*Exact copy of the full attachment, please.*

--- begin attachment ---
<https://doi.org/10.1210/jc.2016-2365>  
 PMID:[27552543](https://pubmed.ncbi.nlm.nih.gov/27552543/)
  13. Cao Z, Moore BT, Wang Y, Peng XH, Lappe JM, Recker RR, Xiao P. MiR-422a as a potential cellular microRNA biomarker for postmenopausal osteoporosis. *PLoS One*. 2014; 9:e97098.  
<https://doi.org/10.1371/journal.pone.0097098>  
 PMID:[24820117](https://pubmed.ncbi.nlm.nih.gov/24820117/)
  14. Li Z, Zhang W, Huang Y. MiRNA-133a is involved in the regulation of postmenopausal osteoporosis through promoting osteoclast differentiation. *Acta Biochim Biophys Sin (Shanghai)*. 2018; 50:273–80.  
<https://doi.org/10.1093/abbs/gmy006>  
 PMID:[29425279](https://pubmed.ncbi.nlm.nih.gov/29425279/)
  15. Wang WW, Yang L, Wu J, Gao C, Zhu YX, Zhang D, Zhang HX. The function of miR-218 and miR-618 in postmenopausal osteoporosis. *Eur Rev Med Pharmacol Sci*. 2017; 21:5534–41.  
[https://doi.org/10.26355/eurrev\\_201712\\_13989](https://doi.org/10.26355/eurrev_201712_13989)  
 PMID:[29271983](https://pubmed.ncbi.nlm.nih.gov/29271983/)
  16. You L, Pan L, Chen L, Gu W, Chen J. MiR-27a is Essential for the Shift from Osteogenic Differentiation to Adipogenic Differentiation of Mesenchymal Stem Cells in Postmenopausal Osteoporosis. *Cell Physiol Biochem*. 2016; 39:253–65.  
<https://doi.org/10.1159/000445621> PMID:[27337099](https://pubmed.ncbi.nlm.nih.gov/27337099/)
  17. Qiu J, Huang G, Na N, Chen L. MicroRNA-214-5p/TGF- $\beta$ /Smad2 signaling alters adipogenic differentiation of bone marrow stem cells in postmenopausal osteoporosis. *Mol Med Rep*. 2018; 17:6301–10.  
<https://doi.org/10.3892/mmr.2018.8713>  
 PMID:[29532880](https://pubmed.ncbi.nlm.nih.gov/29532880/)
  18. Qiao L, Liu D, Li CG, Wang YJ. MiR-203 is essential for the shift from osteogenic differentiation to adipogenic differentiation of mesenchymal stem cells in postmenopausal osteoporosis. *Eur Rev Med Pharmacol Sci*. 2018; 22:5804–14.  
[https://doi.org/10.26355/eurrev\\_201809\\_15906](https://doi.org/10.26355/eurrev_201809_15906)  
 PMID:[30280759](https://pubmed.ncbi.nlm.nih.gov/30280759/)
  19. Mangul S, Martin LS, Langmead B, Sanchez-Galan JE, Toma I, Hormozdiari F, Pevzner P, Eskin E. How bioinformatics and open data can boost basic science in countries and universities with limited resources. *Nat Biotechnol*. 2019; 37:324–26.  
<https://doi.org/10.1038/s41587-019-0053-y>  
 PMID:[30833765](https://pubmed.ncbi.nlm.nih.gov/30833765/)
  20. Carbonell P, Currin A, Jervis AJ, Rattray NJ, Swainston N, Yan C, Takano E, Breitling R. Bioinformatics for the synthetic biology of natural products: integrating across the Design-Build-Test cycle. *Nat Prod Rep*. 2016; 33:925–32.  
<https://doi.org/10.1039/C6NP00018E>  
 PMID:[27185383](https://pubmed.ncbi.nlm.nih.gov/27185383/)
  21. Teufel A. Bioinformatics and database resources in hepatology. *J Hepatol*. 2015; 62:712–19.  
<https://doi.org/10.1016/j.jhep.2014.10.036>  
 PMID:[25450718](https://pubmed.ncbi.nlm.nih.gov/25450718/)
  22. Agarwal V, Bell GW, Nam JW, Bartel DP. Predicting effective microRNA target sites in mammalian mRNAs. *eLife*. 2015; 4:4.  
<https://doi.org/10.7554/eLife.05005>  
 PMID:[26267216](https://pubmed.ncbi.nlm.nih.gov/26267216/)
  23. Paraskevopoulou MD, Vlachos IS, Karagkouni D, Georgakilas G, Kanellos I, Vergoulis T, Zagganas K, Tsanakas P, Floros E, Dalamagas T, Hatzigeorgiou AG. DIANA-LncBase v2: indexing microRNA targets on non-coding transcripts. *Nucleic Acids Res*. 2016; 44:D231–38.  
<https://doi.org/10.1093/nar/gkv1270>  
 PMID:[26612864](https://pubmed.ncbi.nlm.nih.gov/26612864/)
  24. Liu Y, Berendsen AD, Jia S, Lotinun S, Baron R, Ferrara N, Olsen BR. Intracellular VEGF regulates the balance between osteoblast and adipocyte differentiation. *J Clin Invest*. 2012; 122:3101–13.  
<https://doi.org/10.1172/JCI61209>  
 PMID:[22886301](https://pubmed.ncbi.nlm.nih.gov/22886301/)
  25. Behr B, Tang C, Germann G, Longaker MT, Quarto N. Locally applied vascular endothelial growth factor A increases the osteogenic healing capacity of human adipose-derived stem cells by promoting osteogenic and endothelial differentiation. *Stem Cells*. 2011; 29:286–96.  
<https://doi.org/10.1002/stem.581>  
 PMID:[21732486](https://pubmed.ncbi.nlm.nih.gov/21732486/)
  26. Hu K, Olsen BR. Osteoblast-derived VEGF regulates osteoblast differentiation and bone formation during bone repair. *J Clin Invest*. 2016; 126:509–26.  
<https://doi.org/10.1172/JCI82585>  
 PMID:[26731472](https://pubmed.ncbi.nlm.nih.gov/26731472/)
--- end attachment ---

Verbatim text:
<https://doi.org/10.1210/jc.2016-2365>  
 PMID:[27552543](https://pubmed.ncbi.nlm.nih.gov/27552543/)
  13. Cao Z, Moore BT, Wang Y, Peng XH, Lappe JM, Recker RR, Xiao P. MiR-422a as a potential cellular microRNA biomarker for postmenopausal osteoporosis. *PLoS One*. 2014; 9:e97098.  
<https://doi.org/10.1371/journal.pone.0097098>  
 PMID:[24820117](https://pubmed.ncbi.nlm.nih.gov/24820117/)
  14. Li Z, Zhang W, Huang Y. MiRNA-133a is involved in the regulation of postmenopausal osteoporosis through promoting osteoclast differentiation. *Acta Biochim Biophys Sin (Shanghai)*. 2018; 50:273–80.  
<https://doi.org/10.1093/abbs/gmy006>  
 PMID:[29425279](https://pubmed.ncbi.nlm.nih.gov/29425279/)
  15. Wang WW, Yang L, Wu J, Gao C, Zhu YX, Zhang D, Zhang HX. The function of miR-218 and miR-618 in postmenopausal osteoporosis. *Eur Rev Med Pharmacol Sci*. 2017; 21:5534–41.  
[https://doi.org/10.26355/eurrev\\_201712\\_13989](https://doi.org/10.26355/eurrev_201712_13989)  
 PMID:[29271983](https://pubmed.ncbi.nlm.nih.gov/29271983/)
  16. You L, Pan L, Chen L, Gu W, Chen J. MiR-27a is Essential for the Shift from Osteogenic Differentiation to Adipogenic Differentiation of Mesenchymal Stem Cells in Postmenopausal Osteoporosis. *Cell Physiol Biochem*. 2016; 39:253–65.  
<https://doi.org/10.1159/000445621> PMID:[27337099](https://pubmed.ncbi.nlm.nih.gov/27337099/)
  17. Qiu J, Huang G, Na N, Chen L. MicroRNA-214-5p/TGF- $\beta$ /Smad2 signaling alters adipogenic differentiation of bone marrow stem cells in postmenopausal osteoporosis. *Mol Med Rep*. 2018; 17:6301–10.  
<https://doi.org/10.3892/mmr.2018.8713>  
 PMID:[29532880](https://pubmed.ncbi.nlm.nih.gov/29532880/)
  18. Qiao L, Liu D, Li CG, Wang YJ. MiR-203 is essential for the shift from osteogenic differentiation to adipogenic differentiation of mesenchymal stem cells in postmenopausal osteoporosis. *Eur Rev Med Pharmacol Sci*. 2018; 22:5804–14.  
[https://doi.org/10.26355/eurrev\\_201809\\_15906](https://doi.org/10.26355/eurrev_201809_15906)  
 PMID:[30280759](https://pubmed.ncbi.nlm.nih.gov/30280759/)
  19. Mangul S, Martin LS, Langmead B, Sanchez-Galan JE, Toma I, Hormozdiari F, Pevzner P, Eskin E. How bioinformatics and open data can boost basic science in countries and universities with limited resources. *Nat Biotechnol*. 2019; 37:324–26.  
<https://doi.org/10.1038/s41587-019-0053-y>  
 PMID:[30833765](https://pubmed.ncbi.nlm.nih.gov/30833765/)
  20. Carbonell P, Currin A, Jervis AJ, Rattray NJ, Swainston N, Yan C, Takano E, Breitling R. Bioinformatics for the synthetic biology of natural products: integrating across the Design-Build-Test cycle. *Nat Prod Rep*. 2016; 33:925–32.  
<https://doi.org/10.1039/C6NP00018E>  
 PMID:[27185383](https://pubmed.ncbi.nlm.nih.gov/27185383/)
  21. Teufel A. Bioinformatics and database resources in hepatology. *J Hepatol*. 2015; 62:712–19.  
<https://doi.org/10.1016/j.jhep.2014.10.036>  
 PMID:[25450718](https://pubmed.ncbi.nlm.nih.gov/25450718/)
  22. Agarwal V, Bell GW, Nam JW, Bartel DP. Predicting effective microRNA target sites in mammalian mRNAs. *eLife*. 2015; 4:4.  
<https://doi.org/10.7554/eLife.05005>  
 PMID:[26267216](https://pubmed.ncbi.nlm.nih.gov/26267216/)
  23. Paraskevopoulou MD, Vlachos IS, Karagkouni D, Georgakilas G, Kanellos I, Vergoulis T, Zagganas K, Tsanakas P, Floros E, Dalamagas T, Hatzigeorgiou AG. DIANA-LncBase v2: indexing microRNA targets on non-coding transcripts. *Nucleic Acids Res*. 2016; 44:D231–38.  
<https://doi.org/10.1093/nar/gkv1270>  
 PMID:[26612864](https://pubmed.ncbi.nlm.nih.gov/26612864/)
  24. Liu Y, Berendsen AD, Jia S, Lotinun S, Baron R, Ferrara N, Olsen BR. Intracellular VEGF regulates the balance between osteoblast and adipocyte differentiation. *J Clin Invest*. 2012; 122:3101–13.  
<https://doi.org/10.1172/JCI61209>  
 PMID:[22886301](https://pubmed.ncbi.nlm.nih.gov/22886301/)
  25. Behr B, Tang C, Germann G, Longaker MT, Quarto N. Locally applied vascular endothelial growth factor A increases the osteogenic healing capacity of human adipose-derived stem cells by promoting osteogenic and endothelial differentiation. *Stem Cells*. 2011; 29:286–96.  
<https://doi.org/10.1002/stem.581>  
 PMID:[21732486](https://pubmed.ncbi.nlm.nih.gov/21732486/)
  26. Hu K, Olsen BR. Osteoblast-derived VEGF regulates osteoblast differentiation and bone formation during bone repair. *J Clin Invest*. 2016; 126:509–26.  
<https://doi.org/10.1172/JCI82585>  
 PMID:[26731472](https://pubmed.ncbi.nlm.nih.gov/26731472/)